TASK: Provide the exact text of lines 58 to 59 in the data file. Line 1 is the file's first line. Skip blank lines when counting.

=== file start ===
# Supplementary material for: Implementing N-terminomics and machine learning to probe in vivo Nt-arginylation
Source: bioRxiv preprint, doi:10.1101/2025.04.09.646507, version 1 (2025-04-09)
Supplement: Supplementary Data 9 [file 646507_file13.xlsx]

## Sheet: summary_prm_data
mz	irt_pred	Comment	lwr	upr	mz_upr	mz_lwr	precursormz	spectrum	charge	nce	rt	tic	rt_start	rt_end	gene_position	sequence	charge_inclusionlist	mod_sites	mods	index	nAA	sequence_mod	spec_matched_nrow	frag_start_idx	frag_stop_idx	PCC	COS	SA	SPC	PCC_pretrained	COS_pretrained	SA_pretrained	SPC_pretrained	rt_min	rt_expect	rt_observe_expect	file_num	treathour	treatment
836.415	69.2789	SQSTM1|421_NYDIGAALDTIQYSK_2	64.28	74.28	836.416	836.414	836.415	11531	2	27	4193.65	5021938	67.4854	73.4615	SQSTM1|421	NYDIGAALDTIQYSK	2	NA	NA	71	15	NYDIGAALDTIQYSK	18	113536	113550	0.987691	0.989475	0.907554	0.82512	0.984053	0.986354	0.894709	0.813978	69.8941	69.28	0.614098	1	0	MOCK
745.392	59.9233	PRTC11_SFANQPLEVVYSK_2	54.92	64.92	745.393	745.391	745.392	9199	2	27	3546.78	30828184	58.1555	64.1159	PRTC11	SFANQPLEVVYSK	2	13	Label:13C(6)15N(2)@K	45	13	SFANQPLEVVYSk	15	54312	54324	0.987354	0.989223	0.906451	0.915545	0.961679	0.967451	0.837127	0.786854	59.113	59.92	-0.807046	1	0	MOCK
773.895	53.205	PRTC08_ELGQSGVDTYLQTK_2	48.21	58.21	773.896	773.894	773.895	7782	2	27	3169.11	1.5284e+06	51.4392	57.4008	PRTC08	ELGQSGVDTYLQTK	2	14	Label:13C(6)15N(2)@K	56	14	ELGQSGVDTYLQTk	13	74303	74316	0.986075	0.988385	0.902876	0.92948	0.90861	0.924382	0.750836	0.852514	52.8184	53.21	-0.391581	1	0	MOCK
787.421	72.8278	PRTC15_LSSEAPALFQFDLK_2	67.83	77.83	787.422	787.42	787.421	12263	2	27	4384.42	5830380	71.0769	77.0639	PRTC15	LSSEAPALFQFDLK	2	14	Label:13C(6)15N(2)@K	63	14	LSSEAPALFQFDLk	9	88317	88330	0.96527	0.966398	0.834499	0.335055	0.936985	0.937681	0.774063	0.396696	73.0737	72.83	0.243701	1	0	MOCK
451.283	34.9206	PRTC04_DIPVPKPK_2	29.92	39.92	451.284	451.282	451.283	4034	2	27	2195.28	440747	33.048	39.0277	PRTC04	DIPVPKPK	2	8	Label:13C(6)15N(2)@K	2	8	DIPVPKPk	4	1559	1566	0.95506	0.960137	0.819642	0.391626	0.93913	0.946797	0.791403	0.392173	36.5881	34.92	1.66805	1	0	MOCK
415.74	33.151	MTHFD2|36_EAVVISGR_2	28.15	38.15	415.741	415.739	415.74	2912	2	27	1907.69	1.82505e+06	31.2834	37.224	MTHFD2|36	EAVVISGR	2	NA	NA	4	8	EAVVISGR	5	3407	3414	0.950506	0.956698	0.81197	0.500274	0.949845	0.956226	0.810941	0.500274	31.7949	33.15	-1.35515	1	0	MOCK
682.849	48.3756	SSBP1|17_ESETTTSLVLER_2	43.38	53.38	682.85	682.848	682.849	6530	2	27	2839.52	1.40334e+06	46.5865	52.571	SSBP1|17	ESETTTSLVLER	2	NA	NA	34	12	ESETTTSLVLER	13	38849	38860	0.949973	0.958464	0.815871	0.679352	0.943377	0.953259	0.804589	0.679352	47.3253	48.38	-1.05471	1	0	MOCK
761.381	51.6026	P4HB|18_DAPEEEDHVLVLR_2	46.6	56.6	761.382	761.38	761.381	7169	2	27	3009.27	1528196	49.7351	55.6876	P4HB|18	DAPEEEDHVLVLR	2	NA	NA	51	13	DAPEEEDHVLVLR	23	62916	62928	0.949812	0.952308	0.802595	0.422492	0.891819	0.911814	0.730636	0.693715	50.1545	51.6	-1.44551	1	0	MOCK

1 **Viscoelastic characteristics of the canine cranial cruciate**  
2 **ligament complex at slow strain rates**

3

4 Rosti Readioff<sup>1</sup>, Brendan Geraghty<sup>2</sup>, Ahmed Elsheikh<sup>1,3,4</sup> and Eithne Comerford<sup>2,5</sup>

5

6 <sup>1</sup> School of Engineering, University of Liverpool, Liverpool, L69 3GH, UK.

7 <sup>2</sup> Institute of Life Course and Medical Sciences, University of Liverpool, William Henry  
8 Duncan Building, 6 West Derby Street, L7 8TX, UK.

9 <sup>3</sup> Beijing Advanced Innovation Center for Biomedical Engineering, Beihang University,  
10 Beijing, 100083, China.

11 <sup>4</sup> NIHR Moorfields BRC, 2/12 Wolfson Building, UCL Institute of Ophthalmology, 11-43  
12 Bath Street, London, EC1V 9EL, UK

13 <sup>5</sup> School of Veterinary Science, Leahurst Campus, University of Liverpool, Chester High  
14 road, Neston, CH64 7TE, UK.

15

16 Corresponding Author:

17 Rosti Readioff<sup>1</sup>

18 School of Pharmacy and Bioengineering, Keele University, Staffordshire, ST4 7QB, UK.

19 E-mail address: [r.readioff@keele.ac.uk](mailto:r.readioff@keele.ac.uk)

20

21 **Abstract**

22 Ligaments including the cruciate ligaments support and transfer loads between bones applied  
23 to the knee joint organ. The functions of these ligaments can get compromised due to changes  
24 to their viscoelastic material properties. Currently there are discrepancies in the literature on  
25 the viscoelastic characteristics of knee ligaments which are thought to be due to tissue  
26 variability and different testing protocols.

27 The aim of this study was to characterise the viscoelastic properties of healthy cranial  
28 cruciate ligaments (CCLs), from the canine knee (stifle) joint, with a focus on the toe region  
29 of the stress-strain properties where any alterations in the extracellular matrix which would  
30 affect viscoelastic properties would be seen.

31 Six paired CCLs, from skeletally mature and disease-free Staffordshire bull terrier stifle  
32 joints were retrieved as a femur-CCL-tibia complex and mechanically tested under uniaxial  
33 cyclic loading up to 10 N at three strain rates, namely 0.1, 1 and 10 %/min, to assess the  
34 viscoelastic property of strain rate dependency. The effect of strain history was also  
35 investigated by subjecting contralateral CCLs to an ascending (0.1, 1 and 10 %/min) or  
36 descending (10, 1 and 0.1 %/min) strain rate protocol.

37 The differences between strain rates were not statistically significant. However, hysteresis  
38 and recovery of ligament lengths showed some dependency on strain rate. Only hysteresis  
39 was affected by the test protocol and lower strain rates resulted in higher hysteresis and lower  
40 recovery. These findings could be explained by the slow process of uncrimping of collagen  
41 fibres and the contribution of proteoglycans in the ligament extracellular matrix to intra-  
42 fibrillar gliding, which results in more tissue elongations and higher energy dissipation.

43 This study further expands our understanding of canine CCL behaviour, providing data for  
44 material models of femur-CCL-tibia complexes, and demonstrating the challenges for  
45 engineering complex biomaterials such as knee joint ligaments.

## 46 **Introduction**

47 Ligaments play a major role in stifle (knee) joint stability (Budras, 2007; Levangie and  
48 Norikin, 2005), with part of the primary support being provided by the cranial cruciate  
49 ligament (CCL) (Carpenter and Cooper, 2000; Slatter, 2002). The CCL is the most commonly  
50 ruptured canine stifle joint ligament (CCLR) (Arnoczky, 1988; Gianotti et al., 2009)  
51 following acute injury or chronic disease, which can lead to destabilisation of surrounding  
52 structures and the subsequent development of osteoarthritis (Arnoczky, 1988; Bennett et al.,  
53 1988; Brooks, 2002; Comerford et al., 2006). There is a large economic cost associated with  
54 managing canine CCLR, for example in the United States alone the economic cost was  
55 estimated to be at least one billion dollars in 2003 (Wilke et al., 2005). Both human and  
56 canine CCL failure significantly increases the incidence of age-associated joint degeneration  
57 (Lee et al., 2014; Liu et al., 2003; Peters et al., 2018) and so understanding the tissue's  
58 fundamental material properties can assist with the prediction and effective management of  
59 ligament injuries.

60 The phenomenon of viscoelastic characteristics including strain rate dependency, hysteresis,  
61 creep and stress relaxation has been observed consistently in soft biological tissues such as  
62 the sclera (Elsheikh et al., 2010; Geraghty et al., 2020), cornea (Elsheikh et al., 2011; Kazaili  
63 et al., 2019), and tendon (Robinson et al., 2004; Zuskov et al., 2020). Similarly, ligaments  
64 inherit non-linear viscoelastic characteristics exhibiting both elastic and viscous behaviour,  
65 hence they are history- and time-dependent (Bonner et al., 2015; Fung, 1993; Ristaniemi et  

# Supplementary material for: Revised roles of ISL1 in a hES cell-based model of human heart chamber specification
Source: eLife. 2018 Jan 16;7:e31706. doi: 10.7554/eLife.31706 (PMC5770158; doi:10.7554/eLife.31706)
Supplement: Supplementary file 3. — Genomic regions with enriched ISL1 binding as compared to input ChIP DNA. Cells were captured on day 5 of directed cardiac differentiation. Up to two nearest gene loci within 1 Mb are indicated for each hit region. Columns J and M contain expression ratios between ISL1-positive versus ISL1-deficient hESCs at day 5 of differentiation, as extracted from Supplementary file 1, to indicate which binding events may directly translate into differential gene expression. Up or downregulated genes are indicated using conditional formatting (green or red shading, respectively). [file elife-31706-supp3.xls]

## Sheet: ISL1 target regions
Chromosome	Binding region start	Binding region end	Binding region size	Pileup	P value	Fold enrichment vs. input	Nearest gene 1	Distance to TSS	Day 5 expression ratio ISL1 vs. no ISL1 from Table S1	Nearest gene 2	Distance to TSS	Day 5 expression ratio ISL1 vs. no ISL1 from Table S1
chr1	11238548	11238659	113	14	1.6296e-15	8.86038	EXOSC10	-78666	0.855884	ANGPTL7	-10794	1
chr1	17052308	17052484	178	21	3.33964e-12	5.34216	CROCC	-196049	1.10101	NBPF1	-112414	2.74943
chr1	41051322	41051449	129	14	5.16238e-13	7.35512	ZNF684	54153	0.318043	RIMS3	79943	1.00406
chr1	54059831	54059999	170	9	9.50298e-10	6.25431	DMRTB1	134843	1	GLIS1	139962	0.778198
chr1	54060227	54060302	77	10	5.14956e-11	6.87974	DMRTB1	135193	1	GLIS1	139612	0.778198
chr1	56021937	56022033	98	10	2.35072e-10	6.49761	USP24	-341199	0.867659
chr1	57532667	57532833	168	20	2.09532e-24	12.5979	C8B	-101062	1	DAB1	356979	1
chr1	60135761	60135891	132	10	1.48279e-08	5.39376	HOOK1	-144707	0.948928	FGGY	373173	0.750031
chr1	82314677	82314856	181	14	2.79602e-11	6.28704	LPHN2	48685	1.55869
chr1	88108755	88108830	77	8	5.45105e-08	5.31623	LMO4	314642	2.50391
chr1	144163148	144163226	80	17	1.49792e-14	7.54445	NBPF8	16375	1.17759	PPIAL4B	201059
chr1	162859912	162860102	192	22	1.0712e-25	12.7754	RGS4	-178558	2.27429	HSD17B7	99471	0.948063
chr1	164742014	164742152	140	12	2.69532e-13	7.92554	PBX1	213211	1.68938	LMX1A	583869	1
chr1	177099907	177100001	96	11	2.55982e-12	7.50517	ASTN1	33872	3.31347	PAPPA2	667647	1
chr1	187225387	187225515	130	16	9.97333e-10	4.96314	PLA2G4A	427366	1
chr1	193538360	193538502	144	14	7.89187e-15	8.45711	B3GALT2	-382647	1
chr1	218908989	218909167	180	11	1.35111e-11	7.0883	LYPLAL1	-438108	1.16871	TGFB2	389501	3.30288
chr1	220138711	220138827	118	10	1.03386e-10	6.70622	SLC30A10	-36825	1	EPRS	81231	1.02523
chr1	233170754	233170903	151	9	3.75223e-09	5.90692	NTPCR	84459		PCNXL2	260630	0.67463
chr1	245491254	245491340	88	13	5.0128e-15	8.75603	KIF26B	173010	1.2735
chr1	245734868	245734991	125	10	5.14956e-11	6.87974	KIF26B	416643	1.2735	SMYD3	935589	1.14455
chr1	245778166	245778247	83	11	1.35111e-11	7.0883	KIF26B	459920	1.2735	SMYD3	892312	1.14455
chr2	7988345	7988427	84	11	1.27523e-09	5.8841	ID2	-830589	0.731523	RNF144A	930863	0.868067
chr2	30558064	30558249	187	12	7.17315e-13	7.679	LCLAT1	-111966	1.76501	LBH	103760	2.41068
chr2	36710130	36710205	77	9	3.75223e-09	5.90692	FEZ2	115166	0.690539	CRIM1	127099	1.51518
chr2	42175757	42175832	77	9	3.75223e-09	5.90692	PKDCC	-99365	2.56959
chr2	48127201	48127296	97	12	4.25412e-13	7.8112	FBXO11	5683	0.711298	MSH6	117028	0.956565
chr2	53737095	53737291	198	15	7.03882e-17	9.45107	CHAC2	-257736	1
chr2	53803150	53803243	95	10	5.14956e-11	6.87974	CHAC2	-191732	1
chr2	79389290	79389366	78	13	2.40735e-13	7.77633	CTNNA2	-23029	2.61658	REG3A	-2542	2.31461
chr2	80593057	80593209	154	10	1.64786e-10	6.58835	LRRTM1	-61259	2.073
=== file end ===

45 engineering complex biomaterials such as knee joint ligaments.

## 46 **Introduction**